This story originally appeared on LX.com
I don’t “get” sports.
Athletics has just never been my thing. I was actually bullied in middle school for being the one student who refused to run the mile, forcing everyone to run it twice as punishment for my lack of effort. And I regularly call the NBA finals “that game where they gotta play six times and whoever wins four times gets the ring.”
Yet, every two years, I find myself watching an event like table tennis as if it were the season finale of “This Is Us.”
Just this weekend, I was at my neighborhood nail salon and watching its wall-mounted TV when American fencer Lee Kiefer was finishing her first of three rounds against Inna Deriglazova of Russia in individual foil fencing. I came into this game with no knowledge of Kiefer or Derigalzova and absolutely no understanding of what “foil fencing” even was (still not sure). But at that moment, I was hooked.
Watch all the action from the Tokyo Olympics live on NBC
Suddenly, all that mattered was this game. And I watched the former 10th place Rio Olympics finisher inch closer to securing a major win as if each broken nail I endured this week was leading me to witness this glorious moment for team U.S.A.
The Olympics, for non-sports fans like myself, is often one of the few times the adrenaline, competition and patriotic pride of these games can catch our undivided attention.
And it seems there might be a reason for this sudden onset of athletic fandom.
Perhaps it’s partially due to the fact that, while I don't consider myself a sports person, “a lot of what’s considered [‘sports’] is not generally what we think about,” says Robert Thompson, Director of Bleier Center for Television & Popular Culture and trustee professor at Syracuse University.
“Most people mean they don't watch the big sports.”
In my case, he's right. While fencing, badminton and skateboarding are unquestionably “sports,” the subject of athletics always brings to mind the major U.S. sports like basketball, football, baseball and soccer, none of which I’m particularly into. But during the Olympics, I’m instantly locked into events like water polo and synchronized swimming.
“Being a non-sports person that doesn't like football doesn’t mean you can’t get into judo or something,” explained the pop culture expert.
Now that doesn’t mean that I’m suddenly going to start following table tennis, but as Thompson explained the “Olympics has a natural tendency to pique interest because of the marketing.”
And it’s not just advertising that can get you excited for the big event. Even with little knowledge of the sports or the athletes, Thompson says the background you hear from Olympics commentators is incredibly savvy “in being able to draw you in.”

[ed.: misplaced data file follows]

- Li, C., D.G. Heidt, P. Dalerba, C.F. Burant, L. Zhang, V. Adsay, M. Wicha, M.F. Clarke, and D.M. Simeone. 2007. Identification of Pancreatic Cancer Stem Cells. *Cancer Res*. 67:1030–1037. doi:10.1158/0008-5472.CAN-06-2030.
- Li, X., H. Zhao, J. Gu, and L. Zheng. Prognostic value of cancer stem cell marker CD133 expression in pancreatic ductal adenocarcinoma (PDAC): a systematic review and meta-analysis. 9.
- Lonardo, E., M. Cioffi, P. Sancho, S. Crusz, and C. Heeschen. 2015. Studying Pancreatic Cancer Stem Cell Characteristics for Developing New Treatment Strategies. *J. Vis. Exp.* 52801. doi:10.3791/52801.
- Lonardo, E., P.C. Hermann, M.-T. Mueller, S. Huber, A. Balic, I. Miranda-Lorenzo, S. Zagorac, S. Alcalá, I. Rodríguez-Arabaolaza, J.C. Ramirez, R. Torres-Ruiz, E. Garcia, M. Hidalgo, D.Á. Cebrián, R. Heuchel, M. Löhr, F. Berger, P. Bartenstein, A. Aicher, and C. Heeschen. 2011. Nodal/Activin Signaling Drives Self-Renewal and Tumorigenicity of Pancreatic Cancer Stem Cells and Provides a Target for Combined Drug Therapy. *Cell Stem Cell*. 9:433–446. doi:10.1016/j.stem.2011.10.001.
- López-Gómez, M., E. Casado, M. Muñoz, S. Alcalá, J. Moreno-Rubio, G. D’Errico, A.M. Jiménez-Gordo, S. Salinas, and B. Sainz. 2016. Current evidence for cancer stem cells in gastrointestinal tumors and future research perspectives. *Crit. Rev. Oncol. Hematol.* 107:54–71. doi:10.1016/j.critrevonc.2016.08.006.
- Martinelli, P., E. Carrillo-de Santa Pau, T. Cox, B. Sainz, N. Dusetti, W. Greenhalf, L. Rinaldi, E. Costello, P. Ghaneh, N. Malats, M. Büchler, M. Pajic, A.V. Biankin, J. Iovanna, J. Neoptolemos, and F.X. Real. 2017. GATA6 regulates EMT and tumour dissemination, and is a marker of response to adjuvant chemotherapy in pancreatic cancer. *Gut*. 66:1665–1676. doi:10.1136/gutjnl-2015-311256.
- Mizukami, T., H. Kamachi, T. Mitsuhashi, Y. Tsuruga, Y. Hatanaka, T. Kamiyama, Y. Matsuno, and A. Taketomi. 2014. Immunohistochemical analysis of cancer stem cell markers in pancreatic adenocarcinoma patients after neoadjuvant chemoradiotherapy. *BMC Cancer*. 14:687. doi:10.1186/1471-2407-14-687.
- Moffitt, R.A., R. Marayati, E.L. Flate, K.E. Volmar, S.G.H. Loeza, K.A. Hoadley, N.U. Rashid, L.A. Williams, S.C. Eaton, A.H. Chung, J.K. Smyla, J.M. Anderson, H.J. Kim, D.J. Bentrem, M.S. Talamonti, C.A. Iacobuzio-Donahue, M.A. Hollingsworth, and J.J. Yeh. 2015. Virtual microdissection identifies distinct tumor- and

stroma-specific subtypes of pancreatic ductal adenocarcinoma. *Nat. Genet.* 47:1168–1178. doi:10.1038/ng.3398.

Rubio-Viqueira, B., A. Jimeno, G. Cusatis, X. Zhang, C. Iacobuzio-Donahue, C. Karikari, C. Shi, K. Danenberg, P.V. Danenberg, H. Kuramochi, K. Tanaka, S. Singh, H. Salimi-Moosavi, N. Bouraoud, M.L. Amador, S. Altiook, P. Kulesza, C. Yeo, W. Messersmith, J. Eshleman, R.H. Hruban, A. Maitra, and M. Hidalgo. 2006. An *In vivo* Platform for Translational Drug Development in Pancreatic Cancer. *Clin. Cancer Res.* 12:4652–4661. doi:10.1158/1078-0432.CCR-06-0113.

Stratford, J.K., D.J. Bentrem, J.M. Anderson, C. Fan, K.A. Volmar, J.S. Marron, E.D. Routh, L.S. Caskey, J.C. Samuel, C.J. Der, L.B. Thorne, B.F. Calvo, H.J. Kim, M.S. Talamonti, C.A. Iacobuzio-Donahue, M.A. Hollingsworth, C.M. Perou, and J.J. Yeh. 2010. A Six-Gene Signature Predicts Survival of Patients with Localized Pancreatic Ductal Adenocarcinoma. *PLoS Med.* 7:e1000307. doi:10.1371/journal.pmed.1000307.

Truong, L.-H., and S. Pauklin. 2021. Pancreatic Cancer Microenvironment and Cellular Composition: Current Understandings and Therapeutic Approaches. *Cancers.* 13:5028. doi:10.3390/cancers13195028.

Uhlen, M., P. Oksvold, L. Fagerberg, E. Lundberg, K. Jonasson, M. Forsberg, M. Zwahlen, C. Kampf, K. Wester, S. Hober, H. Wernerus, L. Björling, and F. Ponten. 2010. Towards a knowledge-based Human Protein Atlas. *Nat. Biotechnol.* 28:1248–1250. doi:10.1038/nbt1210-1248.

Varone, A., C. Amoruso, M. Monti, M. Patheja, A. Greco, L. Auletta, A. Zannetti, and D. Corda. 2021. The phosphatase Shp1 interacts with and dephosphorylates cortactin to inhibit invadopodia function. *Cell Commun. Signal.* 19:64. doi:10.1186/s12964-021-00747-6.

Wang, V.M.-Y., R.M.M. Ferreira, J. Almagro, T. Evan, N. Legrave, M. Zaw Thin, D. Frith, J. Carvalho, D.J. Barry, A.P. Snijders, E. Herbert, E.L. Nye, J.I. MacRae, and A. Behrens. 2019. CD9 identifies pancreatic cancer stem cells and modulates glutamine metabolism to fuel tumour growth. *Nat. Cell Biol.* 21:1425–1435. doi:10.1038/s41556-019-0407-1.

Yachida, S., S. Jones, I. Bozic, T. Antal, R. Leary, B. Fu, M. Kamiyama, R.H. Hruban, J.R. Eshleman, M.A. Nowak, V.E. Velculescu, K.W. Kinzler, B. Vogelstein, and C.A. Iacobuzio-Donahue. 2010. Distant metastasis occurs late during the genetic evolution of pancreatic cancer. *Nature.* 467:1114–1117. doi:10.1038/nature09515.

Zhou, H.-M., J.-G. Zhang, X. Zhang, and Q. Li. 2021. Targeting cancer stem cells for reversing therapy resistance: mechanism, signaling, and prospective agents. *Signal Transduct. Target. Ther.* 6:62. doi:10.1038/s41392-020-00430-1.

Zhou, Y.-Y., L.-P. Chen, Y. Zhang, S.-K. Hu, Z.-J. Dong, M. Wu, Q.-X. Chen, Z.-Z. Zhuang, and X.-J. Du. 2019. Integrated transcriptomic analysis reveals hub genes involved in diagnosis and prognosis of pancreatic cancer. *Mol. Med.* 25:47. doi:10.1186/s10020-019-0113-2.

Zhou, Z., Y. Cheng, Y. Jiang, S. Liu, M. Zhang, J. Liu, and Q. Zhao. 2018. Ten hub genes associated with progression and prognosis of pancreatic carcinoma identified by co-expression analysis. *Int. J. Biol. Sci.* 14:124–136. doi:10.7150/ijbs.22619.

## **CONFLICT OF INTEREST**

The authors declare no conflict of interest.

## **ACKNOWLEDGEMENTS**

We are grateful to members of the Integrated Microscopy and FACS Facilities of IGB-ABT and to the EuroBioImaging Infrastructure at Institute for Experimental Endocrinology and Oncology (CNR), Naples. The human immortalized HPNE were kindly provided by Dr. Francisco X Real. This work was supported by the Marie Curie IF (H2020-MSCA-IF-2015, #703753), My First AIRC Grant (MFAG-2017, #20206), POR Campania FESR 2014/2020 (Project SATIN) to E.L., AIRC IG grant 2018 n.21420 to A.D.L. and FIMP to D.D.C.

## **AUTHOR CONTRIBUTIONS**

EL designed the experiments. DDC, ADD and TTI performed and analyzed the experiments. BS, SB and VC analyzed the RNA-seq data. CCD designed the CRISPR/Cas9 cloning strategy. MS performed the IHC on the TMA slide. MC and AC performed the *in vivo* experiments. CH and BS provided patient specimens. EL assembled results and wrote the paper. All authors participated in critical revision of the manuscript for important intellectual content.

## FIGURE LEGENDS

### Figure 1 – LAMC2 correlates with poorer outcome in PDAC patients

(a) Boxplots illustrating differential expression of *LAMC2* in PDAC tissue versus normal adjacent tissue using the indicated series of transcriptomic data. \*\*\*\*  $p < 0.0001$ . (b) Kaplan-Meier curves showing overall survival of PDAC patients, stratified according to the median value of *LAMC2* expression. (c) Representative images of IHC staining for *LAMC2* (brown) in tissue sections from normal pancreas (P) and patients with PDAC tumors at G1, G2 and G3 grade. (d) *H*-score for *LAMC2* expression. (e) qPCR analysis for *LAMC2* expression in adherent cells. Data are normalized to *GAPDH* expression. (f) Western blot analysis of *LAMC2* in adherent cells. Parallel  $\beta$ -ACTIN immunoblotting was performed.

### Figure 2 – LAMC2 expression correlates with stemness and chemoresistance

“In an extraordinarily short period, you're told this dramatic information and you’ve been indoctrinated into caring about this sport you may not have otherwise heard of," he said.
When Thompson said this, it got me thinking. I remembered that while I watched Kiefer and Derigalzova do their two musketeers thing on television, I heard the commentators describe the reasons why a win for Kiefer would be incredible. Her opponent had won gold back in 2016 and this would be the first gold medal in United States history in individual foil fencing. And just like that, I wanted Kiefer to win. And not just win. I wanted her to completely embarrass Derigalzova.
Don’t we all love a good underdog victory?
In major American sports like basketball, longtime fans know the game and statistics going into each match-up and the rest of us are left without a clue as to who we should care about and why. But the Olympics “creates equity almost instantaneously to get us to care about people," Thompson said.
It’s kinda like reality TV. “The drama is so simple," he said, and there is instant gratification. And unlike sports where many of the players have already made names for themselves and are getting paid millions, during the Olympics we can watch stars be formed “in front of our eyes."
And of course, the Olympics has variety and pageantry. “There’s a lot more to appeal” to someone like me who has little to no interest in games of physical prowess, he added.
Thompson compares watching the Olympics to “the old vaudeville days” where “if you didn’t like an act, 10 minutes later there’d be something else.” Unlike football where you’d be “lucky” if it's over in three hours.
Thompson’s got a point. In the two hours it took me to finish my mani-pedi, I had seen the U.S. play against Japan in water polo, the Kiefer vs Derigalzova fencing match and an event I’ve just been calling “extreme kayaking.” I didn’t even have a chance to get bored.
It’s like Thompson said, the Olympics is good for the “low attention span generation.”
(But was that shade, or...?)
For millennials like myself and members of Gen Z born into a time with so many entertainment choices, the Olympics has a low barrier to entry for our fleeting focus accustomed to Snaps or IG stories.
A recent poll from The Morning Consult found that only around 40% of Gen Z planned to watch the Tokyo Olympics, and while that's lower than the more than 50% of other generations who planned to watch, Thompson actually thinks that number is pretty high.
Back in his day, with so few television options, you really had no choice but to watch the Olympics when it came on. For a generation that grew up with streaming platforms to fit every fancy, “young people have become more expectant of the ability to watch whatever they feel like watching whenever they feel like watching it.” So Thompson thinks 40+% is still a pretty solid number for potential Tokyo Olympics viewers considering all the options young people have.
He might be right. While having my pick of Peacock, Netflix, HBO Max, Hulu and Amazon Prime subscriptions, I expect I'll find myself sucked into more obscure Olympics sports drama before the torch is extinguished next month.